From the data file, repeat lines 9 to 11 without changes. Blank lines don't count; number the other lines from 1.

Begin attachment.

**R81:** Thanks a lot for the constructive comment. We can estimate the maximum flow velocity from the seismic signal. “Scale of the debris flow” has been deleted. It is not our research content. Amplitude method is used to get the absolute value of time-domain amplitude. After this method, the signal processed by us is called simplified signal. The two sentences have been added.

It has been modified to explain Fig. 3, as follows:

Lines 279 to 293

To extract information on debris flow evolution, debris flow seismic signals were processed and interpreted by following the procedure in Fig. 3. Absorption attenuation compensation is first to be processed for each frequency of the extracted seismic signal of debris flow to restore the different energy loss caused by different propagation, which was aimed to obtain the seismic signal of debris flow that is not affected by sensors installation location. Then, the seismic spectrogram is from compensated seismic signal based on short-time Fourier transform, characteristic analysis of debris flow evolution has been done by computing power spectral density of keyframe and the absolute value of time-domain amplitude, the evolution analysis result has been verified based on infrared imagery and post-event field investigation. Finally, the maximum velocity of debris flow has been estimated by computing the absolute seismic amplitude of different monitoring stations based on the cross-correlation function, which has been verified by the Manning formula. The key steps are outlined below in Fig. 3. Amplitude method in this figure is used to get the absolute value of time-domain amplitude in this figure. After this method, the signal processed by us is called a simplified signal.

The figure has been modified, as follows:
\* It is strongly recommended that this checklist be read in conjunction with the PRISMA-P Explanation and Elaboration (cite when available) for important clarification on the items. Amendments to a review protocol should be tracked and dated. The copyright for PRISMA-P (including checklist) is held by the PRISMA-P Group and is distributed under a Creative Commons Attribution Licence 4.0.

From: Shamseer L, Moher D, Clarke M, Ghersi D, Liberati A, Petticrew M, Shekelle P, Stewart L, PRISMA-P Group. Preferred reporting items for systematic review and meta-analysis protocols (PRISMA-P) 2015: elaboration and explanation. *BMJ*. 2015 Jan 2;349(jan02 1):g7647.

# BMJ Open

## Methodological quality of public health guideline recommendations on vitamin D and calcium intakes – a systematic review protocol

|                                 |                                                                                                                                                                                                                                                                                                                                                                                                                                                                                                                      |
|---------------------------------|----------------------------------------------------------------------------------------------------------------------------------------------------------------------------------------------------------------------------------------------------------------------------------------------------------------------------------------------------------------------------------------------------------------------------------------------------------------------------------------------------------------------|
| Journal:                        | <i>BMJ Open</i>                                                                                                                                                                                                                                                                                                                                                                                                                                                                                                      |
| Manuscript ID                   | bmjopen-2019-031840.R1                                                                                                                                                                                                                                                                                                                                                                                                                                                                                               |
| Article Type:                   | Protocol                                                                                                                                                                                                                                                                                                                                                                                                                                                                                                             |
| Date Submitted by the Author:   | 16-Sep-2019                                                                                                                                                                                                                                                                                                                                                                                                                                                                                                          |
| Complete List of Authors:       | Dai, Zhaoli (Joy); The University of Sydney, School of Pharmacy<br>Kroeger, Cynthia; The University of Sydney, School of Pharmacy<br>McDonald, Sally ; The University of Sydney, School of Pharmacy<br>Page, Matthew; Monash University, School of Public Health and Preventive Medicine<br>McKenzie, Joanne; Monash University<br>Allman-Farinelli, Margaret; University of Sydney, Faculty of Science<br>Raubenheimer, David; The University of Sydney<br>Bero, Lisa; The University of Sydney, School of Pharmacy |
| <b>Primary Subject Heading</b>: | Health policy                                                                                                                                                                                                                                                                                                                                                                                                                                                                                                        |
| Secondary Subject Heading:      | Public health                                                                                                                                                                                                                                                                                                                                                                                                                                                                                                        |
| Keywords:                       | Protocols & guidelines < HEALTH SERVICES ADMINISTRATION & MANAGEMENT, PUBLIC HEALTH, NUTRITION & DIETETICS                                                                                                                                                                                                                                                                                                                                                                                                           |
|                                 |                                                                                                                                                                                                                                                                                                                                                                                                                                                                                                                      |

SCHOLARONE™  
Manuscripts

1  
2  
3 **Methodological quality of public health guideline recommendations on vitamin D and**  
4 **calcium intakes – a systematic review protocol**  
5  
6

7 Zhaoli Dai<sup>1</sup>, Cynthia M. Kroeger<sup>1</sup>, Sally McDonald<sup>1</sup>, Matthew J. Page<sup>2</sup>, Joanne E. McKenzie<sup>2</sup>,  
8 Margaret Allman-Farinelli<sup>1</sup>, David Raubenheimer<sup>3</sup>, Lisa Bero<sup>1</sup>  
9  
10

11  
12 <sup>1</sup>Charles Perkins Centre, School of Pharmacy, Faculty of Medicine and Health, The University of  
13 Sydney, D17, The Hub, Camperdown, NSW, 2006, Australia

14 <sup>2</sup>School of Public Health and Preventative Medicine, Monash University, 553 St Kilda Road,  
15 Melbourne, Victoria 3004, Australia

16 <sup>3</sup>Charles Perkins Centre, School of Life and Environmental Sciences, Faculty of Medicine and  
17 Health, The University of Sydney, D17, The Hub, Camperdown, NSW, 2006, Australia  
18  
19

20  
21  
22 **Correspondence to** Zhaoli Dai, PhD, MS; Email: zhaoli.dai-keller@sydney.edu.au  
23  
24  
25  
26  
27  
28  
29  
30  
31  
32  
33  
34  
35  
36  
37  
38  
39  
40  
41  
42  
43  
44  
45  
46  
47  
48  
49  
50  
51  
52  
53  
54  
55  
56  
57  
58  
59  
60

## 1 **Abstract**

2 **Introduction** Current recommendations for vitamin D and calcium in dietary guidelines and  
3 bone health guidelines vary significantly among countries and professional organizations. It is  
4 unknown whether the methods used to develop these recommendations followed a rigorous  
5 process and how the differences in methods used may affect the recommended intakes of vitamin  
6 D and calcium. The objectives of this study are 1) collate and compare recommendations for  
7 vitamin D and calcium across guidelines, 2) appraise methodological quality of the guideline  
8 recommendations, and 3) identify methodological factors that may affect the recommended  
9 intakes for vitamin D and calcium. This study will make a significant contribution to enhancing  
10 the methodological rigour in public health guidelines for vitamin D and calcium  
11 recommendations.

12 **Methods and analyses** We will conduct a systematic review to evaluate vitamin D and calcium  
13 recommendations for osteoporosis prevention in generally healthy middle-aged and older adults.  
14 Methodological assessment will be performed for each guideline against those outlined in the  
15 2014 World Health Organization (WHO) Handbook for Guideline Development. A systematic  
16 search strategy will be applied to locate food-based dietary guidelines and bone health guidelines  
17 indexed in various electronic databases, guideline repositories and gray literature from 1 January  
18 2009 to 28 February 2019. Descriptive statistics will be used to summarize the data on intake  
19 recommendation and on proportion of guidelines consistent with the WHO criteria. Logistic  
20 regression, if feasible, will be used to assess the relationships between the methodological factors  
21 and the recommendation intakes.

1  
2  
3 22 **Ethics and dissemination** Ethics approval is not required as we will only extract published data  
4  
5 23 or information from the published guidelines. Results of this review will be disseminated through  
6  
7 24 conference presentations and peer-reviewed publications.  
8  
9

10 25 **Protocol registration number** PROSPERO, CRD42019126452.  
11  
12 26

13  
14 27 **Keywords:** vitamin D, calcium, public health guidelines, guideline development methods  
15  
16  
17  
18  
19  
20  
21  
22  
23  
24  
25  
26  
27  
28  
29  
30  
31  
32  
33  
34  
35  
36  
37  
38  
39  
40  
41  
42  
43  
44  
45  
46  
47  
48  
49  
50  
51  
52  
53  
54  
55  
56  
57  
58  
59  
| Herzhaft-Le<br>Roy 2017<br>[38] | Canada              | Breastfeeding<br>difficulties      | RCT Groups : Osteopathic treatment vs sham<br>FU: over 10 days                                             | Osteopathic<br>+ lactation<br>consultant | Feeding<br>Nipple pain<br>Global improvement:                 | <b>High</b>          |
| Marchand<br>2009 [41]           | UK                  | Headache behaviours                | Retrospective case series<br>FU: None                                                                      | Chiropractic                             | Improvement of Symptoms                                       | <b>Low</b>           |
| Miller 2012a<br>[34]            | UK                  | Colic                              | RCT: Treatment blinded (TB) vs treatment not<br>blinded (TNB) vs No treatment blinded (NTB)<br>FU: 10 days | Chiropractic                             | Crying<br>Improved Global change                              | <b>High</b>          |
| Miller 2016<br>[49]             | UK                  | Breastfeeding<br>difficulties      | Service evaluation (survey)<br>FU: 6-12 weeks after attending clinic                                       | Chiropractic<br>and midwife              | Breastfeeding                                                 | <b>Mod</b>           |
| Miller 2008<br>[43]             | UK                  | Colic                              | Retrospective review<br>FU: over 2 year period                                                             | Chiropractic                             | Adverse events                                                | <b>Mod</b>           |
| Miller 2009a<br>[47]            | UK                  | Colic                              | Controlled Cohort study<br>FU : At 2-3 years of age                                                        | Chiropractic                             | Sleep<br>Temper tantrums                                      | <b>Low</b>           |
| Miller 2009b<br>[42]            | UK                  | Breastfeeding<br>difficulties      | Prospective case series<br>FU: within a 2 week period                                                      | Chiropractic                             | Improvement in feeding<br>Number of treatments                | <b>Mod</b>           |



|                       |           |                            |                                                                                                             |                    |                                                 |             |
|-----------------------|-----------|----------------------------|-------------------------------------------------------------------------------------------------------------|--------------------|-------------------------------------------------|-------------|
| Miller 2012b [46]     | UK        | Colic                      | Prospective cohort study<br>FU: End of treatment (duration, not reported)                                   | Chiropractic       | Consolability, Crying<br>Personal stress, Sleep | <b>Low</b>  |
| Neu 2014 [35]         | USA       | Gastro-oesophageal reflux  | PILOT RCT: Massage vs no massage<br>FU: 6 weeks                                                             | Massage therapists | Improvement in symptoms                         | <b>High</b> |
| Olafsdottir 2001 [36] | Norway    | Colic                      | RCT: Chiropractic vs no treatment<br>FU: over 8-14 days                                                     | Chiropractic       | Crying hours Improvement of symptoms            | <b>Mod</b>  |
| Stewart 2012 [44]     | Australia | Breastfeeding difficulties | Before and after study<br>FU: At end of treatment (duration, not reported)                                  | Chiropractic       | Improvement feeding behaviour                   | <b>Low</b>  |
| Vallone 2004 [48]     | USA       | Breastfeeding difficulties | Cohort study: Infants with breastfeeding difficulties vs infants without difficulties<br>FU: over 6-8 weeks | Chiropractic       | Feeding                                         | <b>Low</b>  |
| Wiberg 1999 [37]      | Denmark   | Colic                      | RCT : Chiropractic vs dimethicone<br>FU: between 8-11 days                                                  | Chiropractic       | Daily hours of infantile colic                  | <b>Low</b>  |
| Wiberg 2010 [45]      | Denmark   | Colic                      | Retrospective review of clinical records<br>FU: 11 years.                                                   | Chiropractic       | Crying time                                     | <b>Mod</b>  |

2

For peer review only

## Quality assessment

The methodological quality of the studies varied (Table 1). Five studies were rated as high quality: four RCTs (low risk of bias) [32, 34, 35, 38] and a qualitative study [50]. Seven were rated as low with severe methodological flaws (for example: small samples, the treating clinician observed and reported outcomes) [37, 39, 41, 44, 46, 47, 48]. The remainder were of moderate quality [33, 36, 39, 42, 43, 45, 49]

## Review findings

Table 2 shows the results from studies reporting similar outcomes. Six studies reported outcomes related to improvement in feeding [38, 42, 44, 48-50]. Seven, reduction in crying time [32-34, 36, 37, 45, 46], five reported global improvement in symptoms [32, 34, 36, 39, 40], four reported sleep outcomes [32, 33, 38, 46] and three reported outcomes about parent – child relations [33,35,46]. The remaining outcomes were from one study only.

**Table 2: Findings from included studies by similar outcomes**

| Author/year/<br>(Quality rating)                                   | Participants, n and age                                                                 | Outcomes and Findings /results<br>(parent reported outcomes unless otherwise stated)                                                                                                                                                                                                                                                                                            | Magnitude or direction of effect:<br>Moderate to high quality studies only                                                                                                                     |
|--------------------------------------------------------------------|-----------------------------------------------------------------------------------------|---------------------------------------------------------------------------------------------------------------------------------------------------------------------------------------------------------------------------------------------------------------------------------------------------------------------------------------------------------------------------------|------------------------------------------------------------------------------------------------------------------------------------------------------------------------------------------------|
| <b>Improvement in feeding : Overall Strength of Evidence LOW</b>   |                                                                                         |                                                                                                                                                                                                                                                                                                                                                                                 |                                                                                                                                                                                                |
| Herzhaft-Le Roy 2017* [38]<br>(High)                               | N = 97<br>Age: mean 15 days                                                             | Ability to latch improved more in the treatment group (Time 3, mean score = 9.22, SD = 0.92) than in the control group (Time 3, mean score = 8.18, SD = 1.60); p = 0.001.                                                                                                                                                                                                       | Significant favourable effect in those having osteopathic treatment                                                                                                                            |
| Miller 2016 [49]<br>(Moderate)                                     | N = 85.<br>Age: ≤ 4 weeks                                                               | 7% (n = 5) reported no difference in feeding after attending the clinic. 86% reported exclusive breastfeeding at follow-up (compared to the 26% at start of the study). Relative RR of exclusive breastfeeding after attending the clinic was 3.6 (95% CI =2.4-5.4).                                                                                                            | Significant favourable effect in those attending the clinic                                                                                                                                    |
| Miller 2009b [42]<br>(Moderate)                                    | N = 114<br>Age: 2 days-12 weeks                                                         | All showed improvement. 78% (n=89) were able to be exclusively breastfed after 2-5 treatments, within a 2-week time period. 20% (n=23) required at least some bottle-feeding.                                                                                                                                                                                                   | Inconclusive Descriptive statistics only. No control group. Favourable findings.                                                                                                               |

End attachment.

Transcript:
## Methodological quality of public health guideline recommendations on vitamin D and calcium intakes – a systematic review protocol

|                                 |                                                                                                                                                                                                                                                                                                                                                                                                                                                                                                                      |
|---------------------------------|----------------------------------------------------------------------------------------------------------------------------------------------------------------------------------------------------------------------------------------------------------------------------------------------------------------------------------------------------------------------------------------------------------------------------------------------------------------------------------------------------------------------|